The author’s focus on immigrants, foreigners, or refugees in the New Testament is much shorter, perhaps because these stories are more commonly known. For example, most people may be familiar with the reality that Jesus became a child refugee in Egypt because his life was under threat by the violence of Herod, or with the fact that Jesus pushed the acceptable boundaries of his tradition by engaging directly with both Gentiles and Samaritans who were considered outsiders. As with his treatment of the Hebrew Scriptures, the goal in highlighting narratives from the New Testament is not to find a one-to-one direct correlation between their experience and contemporary experience. Rather, the goal is to reflect critically in light of scripture on the implications that these holy books have for the attitude that Christians are called to embody, especially in regards to the so-called “strangers” in our midst.
Perhaps one of the unique but underdeveloped contributions of Carroll’s book, especially in the first edition, is his treatment of Romans 13. Placed at the end of the book and dealt with in only a few pages, it raises the question of Paul’s command to submit to the laws of the land, an injunction frequently used by Christians against undocumented migrants who enter the United States without following the proper legal channels. Although this biblical argument may be more pronounced within Evangelical Christian churches, it merits a more extensive analysis for it touches a critical nerve in the immigration debate—the relationship between law and justice.
In both editions of this book Carroll argues that Romans 13 must be contextualized within the broader biblical witness and attitude toward migrants. Thus, Romans 13 cannot be a starting point for discussion, but a piece of a much larger biblical tapestry. But whereas in the first edition Carroll addresses this contentious passage simply by trying to contextualize it within a broader framework, in the second edition he shifts the tone to provide a stronger argument and critique. For example, in the second edition Carroll clarifies that the Pauline text asks Christians to “be subject” or “submit” to the established authorities, but does not say to “obey.” Even though the differences in these terms appear insignificant, in a society where the phrase “obey the law” is used repeatedly against immigrants, such a small terminological clarification can shift the argument. Carroll strategically titles this new section in the second edition, “Discerning submission, not blind obedience” (125).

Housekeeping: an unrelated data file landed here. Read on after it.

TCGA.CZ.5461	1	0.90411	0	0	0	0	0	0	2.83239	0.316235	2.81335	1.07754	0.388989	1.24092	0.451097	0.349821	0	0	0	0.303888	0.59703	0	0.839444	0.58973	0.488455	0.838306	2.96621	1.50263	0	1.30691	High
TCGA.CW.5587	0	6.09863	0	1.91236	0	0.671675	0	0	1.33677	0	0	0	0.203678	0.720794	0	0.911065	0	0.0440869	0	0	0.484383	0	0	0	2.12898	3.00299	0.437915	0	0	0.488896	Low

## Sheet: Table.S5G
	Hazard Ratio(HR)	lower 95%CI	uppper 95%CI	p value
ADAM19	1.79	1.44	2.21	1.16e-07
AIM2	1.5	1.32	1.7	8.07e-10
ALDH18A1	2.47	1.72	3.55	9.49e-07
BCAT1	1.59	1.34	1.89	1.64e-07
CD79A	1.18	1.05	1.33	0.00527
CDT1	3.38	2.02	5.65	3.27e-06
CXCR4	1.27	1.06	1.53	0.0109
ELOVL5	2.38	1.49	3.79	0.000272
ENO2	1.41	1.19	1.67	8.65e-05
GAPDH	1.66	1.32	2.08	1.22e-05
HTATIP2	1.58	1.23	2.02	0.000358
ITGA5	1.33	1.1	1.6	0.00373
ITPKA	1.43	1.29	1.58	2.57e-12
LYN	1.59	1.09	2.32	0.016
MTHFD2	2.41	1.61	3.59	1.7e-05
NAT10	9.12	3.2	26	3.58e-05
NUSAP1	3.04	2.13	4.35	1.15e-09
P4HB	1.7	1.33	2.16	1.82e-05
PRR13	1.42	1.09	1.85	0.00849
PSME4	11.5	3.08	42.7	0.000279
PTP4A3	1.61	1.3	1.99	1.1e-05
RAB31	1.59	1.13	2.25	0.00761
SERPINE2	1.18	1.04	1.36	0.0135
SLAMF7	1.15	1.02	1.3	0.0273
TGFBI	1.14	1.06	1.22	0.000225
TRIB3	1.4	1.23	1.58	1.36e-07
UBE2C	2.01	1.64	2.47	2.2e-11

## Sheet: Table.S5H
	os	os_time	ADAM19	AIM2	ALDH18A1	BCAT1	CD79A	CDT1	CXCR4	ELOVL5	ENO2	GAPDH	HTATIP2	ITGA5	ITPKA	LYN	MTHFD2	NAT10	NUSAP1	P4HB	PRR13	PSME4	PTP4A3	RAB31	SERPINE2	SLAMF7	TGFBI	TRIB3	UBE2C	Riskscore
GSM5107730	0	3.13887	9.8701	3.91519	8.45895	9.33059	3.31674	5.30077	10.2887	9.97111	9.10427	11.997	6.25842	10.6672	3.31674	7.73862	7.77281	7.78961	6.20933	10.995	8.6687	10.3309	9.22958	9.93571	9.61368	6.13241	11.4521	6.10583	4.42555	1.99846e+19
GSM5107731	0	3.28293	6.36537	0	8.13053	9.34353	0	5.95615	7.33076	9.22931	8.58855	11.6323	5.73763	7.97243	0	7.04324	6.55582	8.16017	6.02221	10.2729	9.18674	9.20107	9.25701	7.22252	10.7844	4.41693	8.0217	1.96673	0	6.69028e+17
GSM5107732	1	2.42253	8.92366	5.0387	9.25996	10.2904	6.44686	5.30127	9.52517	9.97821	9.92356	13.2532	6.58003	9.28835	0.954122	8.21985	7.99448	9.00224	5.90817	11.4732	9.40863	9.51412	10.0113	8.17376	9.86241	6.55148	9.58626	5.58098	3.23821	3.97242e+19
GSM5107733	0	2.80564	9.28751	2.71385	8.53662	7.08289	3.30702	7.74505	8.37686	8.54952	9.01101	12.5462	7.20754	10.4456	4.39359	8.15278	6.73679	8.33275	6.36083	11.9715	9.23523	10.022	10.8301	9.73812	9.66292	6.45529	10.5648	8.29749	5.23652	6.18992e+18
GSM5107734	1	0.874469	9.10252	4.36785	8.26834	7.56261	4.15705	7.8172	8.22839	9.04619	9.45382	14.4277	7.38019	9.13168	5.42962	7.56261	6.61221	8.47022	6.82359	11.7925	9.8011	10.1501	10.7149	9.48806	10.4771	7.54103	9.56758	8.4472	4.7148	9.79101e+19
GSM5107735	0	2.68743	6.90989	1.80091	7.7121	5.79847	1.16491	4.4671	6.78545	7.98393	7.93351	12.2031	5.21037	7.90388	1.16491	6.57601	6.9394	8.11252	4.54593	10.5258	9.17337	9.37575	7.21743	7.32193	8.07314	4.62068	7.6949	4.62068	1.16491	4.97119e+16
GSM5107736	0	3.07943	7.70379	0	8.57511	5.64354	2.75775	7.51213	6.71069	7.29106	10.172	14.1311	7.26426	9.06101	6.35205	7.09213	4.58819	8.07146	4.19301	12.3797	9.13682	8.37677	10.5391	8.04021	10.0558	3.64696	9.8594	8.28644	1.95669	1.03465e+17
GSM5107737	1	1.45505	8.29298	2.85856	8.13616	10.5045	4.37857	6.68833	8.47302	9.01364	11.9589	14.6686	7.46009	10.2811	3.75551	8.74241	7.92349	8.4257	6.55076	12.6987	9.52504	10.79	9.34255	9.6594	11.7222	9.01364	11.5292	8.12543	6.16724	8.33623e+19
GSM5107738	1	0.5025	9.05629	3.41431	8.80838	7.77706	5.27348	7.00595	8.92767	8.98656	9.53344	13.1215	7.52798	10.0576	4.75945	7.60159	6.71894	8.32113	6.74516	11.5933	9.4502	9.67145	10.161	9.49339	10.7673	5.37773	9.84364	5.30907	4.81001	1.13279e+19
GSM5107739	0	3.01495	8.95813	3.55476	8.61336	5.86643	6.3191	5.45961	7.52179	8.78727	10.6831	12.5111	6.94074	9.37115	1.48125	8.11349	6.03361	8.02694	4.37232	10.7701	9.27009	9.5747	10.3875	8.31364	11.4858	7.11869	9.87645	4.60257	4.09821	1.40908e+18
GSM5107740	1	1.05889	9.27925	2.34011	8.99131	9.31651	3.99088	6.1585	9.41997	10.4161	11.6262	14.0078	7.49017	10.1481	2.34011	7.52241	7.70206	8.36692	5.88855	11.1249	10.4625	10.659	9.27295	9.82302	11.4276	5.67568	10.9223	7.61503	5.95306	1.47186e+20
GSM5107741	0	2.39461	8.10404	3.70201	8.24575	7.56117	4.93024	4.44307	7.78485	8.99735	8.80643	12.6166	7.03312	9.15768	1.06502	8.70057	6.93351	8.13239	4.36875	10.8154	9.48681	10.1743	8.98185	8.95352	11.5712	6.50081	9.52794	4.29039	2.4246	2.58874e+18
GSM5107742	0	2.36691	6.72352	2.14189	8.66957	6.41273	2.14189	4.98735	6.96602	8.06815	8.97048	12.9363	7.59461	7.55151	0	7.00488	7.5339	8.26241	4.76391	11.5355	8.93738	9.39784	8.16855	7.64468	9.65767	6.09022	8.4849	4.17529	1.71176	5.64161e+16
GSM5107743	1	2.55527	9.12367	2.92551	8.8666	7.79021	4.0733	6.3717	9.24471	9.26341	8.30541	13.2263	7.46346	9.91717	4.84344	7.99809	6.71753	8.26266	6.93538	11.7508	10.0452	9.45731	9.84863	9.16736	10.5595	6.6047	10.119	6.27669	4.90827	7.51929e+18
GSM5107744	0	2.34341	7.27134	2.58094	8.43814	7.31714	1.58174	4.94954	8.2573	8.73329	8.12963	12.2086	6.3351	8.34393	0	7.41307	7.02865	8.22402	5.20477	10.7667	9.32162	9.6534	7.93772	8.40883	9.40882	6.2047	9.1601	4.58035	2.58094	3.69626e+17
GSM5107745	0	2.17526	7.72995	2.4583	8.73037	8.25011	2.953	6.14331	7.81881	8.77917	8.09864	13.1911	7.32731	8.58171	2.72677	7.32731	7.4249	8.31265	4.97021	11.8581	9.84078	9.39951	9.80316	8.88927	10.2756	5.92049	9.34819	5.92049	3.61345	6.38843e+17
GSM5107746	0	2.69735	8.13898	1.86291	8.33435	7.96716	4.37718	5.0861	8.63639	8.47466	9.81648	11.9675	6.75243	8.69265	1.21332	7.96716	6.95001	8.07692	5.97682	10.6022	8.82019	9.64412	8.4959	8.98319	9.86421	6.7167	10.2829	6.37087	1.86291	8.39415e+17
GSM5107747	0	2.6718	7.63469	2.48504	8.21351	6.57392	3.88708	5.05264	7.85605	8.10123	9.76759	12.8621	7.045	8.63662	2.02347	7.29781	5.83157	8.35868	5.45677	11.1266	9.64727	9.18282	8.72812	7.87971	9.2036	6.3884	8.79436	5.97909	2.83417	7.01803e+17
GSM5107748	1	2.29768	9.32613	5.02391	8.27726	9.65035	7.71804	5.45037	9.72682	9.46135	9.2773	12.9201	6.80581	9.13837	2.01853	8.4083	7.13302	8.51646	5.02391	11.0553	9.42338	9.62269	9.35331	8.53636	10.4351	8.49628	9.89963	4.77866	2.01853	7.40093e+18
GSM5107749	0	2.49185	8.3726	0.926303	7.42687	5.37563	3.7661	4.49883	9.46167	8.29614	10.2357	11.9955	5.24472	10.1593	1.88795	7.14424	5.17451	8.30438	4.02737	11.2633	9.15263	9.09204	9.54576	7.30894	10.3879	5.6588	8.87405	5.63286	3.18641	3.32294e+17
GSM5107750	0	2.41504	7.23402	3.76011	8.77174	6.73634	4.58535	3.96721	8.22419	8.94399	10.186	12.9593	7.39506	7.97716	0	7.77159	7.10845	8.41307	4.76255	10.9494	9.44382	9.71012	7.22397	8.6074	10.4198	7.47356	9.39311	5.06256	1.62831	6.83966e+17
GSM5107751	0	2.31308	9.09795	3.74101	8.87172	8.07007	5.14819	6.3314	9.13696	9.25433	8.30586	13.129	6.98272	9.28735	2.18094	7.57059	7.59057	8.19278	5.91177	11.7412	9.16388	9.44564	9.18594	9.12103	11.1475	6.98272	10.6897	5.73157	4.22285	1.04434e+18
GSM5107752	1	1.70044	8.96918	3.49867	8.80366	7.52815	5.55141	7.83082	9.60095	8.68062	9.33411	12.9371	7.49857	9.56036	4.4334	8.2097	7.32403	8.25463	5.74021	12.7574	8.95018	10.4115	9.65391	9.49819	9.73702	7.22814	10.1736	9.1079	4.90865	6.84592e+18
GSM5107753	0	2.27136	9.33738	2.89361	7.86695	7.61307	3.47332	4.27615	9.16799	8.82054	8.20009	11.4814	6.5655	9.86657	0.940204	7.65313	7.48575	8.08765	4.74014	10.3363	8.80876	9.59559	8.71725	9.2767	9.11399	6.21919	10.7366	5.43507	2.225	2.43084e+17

While most of the historical and biblical content remains the same in the second edition, Carroll does provide an updated political context in the first chapter and improves the appendix and endnotes. In fact, the appendix and endnotes themselves are a significant resource for further scholarly engagement with the topic of immigration and its relation to church life and theology.
Christians at the Border is an accessible book that purposely avoids statistics and technical jargon in order to focus on stories and concepts that have the possibility of helping Christians migrate and encounter each other at the borders that divide them. The book is a helpful biblical primer for Protestants and Catholics alike, and an explicit reminder that the divine view of immigration may in fact be quite different from our own.
University of Notre Dame